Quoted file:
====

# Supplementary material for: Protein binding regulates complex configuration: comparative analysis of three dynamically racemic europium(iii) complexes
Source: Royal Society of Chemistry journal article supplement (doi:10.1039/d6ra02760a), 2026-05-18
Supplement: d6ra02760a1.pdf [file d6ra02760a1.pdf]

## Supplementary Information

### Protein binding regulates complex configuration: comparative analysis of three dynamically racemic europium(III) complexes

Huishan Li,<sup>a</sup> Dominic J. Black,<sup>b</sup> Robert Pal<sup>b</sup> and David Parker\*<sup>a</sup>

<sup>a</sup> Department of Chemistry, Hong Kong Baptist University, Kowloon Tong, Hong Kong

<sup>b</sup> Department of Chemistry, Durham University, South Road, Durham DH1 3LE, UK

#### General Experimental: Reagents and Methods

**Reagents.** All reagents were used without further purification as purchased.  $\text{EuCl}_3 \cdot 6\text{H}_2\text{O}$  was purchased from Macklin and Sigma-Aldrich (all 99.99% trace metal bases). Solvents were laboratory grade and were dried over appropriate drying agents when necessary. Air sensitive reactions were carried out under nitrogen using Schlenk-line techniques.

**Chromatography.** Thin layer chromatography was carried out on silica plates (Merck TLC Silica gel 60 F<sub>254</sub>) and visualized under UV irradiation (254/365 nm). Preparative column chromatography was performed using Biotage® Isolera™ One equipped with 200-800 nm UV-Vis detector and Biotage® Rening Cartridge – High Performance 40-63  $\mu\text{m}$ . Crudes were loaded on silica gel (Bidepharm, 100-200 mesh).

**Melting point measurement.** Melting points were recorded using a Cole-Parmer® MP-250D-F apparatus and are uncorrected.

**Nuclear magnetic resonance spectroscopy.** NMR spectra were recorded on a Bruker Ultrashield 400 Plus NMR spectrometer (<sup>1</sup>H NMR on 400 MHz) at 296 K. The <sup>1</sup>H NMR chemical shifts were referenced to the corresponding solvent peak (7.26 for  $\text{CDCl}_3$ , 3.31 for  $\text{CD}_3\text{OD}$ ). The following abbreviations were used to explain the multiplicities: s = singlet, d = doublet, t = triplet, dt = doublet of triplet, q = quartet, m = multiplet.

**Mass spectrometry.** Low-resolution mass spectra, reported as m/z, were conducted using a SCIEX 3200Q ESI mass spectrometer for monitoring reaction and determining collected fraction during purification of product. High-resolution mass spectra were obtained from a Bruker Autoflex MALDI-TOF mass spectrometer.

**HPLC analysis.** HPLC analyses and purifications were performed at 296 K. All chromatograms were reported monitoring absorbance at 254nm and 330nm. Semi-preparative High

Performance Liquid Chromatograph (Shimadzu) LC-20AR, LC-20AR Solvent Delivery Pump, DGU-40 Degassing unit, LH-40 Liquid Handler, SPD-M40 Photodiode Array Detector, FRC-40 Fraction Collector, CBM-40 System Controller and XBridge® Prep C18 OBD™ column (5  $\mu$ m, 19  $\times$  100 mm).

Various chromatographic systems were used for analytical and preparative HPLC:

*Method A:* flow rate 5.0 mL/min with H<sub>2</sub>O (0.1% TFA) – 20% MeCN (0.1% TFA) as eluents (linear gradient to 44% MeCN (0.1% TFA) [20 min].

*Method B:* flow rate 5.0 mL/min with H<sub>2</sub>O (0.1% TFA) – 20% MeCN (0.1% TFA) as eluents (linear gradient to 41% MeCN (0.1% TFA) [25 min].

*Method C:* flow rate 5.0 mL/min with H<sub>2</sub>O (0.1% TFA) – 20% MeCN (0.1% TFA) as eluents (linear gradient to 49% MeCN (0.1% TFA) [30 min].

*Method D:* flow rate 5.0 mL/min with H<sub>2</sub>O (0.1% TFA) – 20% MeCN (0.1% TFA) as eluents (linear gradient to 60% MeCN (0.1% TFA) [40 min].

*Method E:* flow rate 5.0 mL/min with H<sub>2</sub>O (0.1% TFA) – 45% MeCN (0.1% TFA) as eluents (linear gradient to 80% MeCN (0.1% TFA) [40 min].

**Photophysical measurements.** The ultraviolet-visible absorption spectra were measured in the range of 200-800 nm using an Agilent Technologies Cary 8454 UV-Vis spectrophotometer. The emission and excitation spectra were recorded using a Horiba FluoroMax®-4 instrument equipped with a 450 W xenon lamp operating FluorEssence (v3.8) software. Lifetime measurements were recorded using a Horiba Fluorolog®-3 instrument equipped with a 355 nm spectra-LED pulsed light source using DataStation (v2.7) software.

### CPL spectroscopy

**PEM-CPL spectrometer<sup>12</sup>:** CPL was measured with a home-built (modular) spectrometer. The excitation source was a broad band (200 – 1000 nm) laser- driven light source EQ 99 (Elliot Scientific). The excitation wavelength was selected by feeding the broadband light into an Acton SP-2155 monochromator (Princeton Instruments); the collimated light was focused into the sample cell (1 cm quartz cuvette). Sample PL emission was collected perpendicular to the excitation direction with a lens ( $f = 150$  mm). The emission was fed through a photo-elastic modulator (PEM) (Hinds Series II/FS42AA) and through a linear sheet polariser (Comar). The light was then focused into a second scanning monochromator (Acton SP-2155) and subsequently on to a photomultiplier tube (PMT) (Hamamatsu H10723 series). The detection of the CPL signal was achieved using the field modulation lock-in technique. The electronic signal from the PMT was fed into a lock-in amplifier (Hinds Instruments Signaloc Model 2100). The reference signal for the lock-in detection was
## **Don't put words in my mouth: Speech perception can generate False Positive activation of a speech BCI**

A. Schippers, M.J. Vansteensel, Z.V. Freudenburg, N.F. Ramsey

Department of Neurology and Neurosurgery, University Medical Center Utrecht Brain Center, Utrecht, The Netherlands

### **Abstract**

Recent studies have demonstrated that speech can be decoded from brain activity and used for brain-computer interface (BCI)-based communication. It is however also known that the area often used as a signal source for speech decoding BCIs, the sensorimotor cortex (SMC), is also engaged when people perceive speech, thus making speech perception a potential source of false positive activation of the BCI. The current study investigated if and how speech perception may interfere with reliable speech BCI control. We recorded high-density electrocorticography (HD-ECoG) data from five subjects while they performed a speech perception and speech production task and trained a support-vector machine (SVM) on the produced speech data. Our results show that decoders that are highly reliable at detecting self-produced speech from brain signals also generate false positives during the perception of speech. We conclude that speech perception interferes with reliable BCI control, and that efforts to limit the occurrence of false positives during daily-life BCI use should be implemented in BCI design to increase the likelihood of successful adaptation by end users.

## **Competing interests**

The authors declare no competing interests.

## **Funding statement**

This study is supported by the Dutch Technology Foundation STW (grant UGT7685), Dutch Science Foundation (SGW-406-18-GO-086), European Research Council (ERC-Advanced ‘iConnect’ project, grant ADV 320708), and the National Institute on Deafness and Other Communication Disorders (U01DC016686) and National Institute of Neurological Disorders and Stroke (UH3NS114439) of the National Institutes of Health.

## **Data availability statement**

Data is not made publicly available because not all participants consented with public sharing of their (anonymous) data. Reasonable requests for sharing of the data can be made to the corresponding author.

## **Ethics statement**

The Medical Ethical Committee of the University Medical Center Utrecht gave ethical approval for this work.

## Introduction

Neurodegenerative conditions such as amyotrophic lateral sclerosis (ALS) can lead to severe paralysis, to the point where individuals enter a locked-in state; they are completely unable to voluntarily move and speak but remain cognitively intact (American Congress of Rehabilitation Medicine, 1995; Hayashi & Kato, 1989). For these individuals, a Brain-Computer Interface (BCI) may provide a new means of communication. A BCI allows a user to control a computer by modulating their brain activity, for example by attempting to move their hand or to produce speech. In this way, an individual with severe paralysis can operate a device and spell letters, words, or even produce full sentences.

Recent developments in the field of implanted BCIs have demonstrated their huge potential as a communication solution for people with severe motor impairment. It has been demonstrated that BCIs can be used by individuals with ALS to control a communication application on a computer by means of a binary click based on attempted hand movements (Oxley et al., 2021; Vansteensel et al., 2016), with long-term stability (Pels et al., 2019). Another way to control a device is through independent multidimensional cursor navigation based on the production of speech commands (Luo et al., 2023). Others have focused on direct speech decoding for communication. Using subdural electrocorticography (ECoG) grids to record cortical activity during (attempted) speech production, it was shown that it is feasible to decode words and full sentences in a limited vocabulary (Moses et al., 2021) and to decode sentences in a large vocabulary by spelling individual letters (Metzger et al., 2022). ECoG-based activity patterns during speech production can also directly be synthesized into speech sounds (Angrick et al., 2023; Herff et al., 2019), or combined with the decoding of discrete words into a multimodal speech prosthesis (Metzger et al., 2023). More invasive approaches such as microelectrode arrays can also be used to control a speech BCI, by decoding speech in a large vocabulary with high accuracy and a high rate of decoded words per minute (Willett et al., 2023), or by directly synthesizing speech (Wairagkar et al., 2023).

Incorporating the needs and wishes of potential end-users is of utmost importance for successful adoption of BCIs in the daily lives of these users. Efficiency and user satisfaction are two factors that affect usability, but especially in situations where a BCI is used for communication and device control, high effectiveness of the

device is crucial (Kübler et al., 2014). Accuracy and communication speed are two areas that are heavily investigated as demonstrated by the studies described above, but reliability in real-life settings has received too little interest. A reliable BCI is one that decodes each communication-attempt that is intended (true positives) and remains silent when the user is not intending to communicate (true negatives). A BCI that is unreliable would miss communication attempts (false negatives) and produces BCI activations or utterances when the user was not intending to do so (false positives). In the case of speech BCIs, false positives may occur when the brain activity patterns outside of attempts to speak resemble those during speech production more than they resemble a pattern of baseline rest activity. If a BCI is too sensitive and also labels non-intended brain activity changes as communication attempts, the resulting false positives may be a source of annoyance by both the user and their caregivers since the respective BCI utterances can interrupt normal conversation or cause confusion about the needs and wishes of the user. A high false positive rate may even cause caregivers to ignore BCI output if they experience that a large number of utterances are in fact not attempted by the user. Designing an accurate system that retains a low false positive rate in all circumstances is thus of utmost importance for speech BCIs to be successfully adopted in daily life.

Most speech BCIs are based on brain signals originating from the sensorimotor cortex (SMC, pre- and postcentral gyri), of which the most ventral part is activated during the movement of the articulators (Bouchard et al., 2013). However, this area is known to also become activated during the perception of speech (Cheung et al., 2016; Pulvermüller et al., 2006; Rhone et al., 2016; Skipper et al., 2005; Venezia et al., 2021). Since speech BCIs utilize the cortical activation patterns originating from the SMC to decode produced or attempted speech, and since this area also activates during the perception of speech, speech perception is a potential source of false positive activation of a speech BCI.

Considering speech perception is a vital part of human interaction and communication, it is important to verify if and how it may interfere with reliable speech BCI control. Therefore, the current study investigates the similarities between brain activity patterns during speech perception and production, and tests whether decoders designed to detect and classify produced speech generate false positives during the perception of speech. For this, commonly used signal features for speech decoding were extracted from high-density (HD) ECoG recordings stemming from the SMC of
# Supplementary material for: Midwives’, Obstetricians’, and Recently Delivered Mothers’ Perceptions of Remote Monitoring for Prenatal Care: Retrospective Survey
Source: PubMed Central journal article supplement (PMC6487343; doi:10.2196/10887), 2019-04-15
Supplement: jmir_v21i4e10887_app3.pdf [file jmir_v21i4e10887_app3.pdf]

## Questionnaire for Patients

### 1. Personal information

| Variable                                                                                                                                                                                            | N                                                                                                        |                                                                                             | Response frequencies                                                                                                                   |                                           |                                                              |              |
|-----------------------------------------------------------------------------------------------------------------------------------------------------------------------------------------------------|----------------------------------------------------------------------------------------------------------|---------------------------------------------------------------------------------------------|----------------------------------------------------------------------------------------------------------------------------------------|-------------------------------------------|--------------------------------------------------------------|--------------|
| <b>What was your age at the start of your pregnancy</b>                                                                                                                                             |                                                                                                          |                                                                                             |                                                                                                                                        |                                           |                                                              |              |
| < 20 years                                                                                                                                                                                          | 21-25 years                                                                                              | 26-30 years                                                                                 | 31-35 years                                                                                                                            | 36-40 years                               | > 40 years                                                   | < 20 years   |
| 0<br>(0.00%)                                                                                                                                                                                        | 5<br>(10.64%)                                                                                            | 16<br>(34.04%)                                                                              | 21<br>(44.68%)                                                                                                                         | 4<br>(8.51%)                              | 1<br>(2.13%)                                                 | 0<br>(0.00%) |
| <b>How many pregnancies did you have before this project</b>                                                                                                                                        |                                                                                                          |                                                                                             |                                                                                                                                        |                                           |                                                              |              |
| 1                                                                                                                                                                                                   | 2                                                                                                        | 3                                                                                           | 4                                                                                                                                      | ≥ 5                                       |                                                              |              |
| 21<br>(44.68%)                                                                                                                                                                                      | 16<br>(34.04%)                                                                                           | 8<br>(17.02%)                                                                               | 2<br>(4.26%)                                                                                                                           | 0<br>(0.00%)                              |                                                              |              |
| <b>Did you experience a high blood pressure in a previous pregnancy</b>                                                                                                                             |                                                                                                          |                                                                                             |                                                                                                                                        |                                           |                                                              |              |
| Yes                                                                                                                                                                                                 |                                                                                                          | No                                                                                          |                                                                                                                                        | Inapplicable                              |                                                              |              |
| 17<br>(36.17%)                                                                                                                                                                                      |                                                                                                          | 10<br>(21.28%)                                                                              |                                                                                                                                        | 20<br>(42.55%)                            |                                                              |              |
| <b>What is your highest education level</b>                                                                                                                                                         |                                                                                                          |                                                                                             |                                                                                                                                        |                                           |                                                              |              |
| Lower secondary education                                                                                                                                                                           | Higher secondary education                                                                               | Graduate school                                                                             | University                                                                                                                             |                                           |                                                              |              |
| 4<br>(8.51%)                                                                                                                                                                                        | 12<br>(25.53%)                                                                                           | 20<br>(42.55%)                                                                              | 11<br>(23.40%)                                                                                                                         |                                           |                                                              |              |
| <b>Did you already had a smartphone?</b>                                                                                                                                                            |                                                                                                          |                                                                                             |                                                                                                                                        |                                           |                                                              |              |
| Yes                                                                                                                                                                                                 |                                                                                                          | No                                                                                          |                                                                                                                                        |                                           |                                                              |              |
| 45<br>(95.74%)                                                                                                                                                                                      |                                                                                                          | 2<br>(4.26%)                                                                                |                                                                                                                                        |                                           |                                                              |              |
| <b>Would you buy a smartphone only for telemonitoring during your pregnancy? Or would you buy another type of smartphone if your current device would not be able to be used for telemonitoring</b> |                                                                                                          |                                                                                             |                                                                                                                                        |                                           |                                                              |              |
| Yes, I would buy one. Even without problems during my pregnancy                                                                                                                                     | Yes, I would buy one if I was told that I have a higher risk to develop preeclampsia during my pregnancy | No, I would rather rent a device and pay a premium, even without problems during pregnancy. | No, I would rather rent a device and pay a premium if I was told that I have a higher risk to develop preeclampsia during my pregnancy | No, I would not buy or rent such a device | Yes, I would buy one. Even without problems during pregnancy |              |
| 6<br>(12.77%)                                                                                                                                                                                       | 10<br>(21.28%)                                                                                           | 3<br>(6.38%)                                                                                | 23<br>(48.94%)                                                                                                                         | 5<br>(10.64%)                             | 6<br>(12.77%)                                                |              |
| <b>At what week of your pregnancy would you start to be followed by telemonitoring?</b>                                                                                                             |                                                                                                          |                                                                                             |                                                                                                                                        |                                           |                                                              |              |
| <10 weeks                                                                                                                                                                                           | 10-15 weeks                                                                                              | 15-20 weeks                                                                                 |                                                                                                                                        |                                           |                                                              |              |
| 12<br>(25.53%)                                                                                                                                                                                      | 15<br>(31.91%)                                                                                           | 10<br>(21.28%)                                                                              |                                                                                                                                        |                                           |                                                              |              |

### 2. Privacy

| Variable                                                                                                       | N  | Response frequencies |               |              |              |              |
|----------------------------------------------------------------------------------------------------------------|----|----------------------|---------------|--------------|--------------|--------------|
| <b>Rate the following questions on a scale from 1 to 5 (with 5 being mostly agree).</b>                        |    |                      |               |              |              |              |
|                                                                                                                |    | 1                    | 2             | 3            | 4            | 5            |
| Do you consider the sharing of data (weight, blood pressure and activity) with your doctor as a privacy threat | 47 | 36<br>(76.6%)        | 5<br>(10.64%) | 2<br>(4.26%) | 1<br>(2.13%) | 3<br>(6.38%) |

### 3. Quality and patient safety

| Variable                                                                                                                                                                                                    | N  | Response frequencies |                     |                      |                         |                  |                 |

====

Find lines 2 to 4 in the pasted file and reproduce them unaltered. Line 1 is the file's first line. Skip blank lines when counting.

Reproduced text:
Source: Royal Society of Chemistry journal article supplement (doi:10.1039/d6ra02760a), 2026-05-18
Supplement: d6ra02760a1.pdf [file d6ra02760a1.pdf]

## Supplementary Information